Steady, one leaves early morning
leaning on the mute skin of stiff toes,
appearing calmer than blue-morning skies,
pouring spent sighs into wicker baskets,
collecting softer versions of cold skin (picking
dorsal layers of loveless hands)
to get away from—
that on freckled face of yester-night’s darkening outline
one could smell feathers of the day amputated,
one could trade impatience for delirium
with no worrisome faces gathering dust, one
could face pregnant gusts
of spring air (carrying seeds of
monsoonal atrocities) in unbuttoned shirts—
say, of possibly claiming men are made of
images growing like moss on dampened walls;
say, of tracking thoughts back
to the origin of their abandoned pulpits;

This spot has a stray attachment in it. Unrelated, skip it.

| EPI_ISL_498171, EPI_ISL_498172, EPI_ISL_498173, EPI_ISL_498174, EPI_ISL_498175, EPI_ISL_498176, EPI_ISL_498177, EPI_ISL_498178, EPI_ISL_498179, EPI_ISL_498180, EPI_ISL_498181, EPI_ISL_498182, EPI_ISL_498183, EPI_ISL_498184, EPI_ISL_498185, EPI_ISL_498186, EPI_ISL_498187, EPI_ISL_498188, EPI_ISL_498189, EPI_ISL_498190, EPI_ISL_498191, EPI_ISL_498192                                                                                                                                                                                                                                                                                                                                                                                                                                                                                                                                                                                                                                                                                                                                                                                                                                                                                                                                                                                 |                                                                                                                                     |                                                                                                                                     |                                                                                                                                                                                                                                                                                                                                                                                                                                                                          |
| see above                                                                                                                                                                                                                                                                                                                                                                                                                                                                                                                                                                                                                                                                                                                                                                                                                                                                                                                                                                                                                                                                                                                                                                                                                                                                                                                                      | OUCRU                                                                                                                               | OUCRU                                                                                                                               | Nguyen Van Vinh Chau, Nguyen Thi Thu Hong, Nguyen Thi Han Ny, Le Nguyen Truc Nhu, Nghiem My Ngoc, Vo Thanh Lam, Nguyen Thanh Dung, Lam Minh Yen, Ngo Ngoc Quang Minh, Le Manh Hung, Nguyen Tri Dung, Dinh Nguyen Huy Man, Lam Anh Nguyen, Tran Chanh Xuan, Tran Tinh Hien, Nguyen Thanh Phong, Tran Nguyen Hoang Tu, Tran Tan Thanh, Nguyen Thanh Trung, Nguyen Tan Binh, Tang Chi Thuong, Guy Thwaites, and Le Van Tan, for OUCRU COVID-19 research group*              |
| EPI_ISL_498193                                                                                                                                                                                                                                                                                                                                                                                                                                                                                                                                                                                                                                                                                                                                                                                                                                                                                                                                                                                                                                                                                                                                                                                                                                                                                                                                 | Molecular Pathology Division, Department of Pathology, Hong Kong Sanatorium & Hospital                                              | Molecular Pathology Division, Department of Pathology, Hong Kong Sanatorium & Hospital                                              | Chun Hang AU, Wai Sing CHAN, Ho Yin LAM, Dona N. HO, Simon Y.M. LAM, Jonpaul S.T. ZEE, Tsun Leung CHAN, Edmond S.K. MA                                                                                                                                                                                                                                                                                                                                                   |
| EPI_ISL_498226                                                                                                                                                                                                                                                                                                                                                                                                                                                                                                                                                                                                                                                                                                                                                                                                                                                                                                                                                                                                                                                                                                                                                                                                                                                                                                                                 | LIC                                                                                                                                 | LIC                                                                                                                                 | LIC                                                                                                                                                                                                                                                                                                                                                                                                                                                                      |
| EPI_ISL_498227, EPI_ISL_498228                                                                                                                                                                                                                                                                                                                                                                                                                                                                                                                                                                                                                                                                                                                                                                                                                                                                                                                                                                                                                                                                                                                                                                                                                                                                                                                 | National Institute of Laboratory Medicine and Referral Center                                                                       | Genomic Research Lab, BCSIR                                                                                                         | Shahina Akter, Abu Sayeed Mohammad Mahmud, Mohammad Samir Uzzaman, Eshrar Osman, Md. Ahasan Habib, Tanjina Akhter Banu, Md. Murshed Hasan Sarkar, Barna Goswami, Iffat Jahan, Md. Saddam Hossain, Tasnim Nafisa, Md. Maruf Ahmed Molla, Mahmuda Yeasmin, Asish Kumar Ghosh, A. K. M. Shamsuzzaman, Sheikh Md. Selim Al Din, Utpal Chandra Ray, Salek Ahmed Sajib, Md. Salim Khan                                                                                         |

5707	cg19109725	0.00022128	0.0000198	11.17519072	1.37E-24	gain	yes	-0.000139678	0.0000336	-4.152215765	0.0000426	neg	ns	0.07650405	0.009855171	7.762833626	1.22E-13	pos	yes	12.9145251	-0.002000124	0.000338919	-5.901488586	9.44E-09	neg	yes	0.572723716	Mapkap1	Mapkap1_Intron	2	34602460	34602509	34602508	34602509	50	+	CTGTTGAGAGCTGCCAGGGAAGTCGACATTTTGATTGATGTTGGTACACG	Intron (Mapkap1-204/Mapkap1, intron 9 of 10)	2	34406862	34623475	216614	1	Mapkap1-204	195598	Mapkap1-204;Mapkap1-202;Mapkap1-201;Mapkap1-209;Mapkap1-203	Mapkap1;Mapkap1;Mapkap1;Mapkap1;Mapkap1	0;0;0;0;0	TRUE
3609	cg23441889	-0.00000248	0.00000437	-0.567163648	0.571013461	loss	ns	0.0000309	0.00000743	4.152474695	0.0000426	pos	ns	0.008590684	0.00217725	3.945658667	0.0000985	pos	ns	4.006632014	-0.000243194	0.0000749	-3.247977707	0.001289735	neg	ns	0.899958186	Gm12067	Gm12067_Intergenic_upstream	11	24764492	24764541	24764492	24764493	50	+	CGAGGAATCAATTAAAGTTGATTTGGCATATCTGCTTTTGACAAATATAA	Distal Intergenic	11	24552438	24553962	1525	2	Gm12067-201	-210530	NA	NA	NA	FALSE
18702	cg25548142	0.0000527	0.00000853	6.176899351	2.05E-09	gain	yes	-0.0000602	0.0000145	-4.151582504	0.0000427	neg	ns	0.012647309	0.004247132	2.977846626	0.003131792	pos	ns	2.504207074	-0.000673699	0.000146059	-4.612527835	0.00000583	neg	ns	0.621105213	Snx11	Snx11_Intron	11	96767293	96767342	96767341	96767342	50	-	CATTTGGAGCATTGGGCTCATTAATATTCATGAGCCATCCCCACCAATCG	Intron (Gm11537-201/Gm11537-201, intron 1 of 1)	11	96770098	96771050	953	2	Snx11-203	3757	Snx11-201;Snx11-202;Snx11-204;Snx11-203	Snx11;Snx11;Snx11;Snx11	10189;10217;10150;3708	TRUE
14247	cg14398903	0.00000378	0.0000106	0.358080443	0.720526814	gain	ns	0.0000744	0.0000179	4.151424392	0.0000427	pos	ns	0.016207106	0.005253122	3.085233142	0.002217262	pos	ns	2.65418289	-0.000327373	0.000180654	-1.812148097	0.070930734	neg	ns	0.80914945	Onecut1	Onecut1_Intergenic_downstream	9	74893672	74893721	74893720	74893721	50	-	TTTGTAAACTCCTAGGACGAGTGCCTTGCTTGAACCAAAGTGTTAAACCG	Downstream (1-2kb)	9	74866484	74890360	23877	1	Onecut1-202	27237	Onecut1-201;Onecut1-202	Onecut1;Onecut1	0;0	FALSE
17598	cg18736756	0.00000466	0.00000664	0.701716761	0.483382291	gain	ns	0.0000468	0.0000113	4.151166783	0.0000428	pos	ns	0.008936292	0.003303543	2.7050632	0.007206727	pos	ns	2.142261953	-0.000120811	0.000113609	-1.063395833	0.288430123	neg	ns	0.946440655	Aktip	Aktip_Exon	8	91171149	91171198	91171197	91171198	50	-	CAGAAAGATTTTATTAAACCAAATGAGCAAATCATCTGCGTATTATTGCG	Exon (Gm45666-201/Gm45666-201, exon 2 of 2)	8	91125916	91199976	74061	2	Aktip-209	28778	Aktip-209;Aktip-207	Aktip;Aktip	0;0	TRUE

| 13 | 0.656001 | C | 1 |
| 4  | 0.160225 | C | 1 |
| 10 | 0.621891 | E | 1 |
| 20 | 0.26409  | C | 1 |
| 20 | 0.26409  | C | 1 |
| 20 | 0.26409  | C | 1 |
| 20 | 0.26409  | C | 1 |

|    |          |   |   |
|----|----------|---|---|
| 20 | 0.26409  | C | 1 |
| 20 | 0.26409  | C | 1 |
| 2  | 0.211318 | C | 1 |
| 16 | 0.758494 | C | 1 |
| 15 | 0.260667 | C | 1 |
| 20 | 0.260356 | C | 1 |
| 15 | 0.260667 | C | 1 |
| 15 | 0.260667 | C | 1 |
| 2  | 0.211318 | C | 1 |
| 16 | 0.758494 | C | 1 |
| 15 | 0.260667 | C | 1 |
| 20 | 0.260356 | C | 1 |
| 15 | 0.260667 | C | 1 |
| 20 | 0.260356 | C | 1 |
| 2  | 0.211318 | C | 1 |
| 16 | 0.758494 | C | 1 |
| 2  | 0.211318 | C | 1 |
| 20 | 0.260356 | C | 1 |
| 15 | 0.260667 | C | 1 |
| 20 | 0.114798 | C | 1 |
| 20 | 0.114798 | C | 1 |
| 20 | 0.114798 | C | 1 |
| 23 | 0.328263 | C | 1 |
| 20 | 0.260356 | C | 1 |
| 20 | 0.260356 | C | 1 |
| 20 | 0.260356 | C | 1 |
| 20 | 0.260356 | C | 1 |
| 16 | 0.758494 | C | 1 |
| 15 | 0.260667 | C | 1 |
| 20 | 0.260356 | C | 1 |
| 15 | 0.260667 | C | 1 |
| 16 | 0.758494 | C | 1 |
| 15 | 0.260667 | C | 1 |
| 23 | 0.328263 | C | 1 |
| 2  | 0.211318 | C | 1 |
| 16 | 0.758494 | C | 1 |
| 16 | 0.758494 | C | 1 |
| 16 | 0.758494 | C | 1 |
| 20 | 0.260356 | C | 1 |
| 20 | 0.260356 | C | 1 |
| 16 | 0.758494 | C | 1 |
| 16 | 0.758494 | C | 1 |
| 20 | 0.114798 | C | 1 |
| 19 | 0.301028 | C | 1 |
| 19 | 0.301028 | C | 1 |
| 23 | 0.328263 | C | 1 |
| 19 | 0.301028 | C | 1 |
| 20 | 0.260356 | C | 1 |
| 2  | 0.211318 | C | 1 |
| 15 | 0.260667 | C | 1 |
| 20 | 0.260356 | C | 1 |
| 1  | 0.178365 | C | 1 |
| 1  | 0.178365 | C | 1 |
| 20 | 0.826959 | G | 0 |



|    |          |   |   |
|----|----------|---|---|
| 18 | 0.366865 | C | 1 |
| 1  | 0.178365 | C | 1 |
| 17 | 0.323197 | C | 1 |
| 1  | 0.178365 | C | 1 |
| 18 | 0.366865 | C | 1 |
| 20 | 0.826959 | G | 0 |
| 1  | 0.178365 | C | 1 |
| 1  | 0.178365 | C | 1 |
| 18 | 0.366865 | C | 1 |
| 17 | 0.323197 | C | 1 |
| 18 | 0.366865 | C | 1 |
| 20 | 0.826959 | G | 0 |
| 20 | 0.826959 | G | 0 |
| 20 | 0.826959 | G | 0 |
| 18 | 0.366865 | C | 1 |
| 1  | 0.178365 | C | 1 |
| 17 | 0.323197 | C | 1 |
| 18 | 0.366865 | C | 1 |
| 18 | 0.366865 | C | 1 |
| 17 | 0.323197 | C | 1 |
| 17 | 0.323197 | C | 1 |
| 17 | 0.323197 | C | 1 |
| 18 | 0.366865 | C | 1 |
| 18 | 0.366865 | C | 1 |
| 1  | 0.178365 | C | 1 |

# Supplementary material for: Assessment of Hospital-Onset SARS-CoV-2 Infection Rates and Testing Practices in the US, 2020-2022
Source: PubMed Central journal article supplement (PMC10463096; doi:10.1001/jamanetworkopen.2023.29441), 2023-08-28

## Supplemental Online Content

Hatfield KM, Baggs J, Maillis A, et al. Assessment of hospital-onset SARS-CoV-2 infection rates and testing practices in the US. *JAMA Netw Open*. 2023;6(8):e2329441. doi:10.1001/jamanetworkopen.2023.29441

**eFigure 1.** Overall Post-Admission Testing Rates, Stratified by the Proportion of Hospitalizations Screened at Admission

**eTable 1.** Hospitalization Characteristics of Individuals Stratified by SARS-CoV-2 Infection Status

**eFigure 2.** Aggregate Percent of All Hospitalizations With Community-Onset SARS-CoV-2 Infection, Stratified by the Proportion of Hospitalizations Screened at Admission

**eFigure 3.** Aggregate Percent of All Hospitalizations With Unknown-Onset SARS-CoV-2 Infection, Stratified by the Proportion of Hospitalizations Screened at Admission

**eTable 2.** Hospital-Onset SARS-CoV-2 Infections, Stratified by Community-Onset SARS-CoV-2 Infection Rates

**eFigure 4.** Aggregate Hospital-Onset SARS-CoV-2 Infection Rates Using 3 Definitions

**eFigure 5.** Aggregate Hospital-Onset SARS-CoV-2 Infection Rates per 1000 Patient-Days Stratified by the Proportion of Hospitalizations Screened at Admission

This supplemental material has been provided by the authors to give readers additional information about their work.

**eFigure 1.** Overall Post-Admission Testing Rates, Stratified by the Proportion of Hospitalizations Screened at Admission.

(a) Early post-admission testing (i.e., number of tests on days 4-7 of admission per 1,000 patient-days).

say, of trading words for the fleece of moonlit faces.
The maple shadow of his absence blossoms
over the courtyard—how I vainly
wished waters to taste of salt and gravel—branching,
with leaves spread over possessed hands—their
green loathsome with a horror feeding on
bloodshot eyes, corroding sunlight
with the autumn of their fearless reckoning,
dirtying air with little that their breathing exhales!
The maple shadow of his absence blossoms.
One shall, then return to the ghostly cities
of ruin riding on hunchback
horses of fading memory to ascertain what, in the
rubble growth of uncounted years
if there were a street as such, where,
far back as eyes could see
entombed feet would describe the sojourn,
the depths of each turn one would stumble
upon measuring scales and learn
all this distance was, in-fact
a threadbare path leading to our return, from
that morning to the evening before that.
Ashfaq Saraf is based in Delhi, writing from Kashmir. His collection of poems The Harkening was published in 2012. He slaves during most part of the day in Semiconductor Industry as Design Engineer to earn dinner and bills, before proceeding to gnaw at unfinished pages for the rest of the night.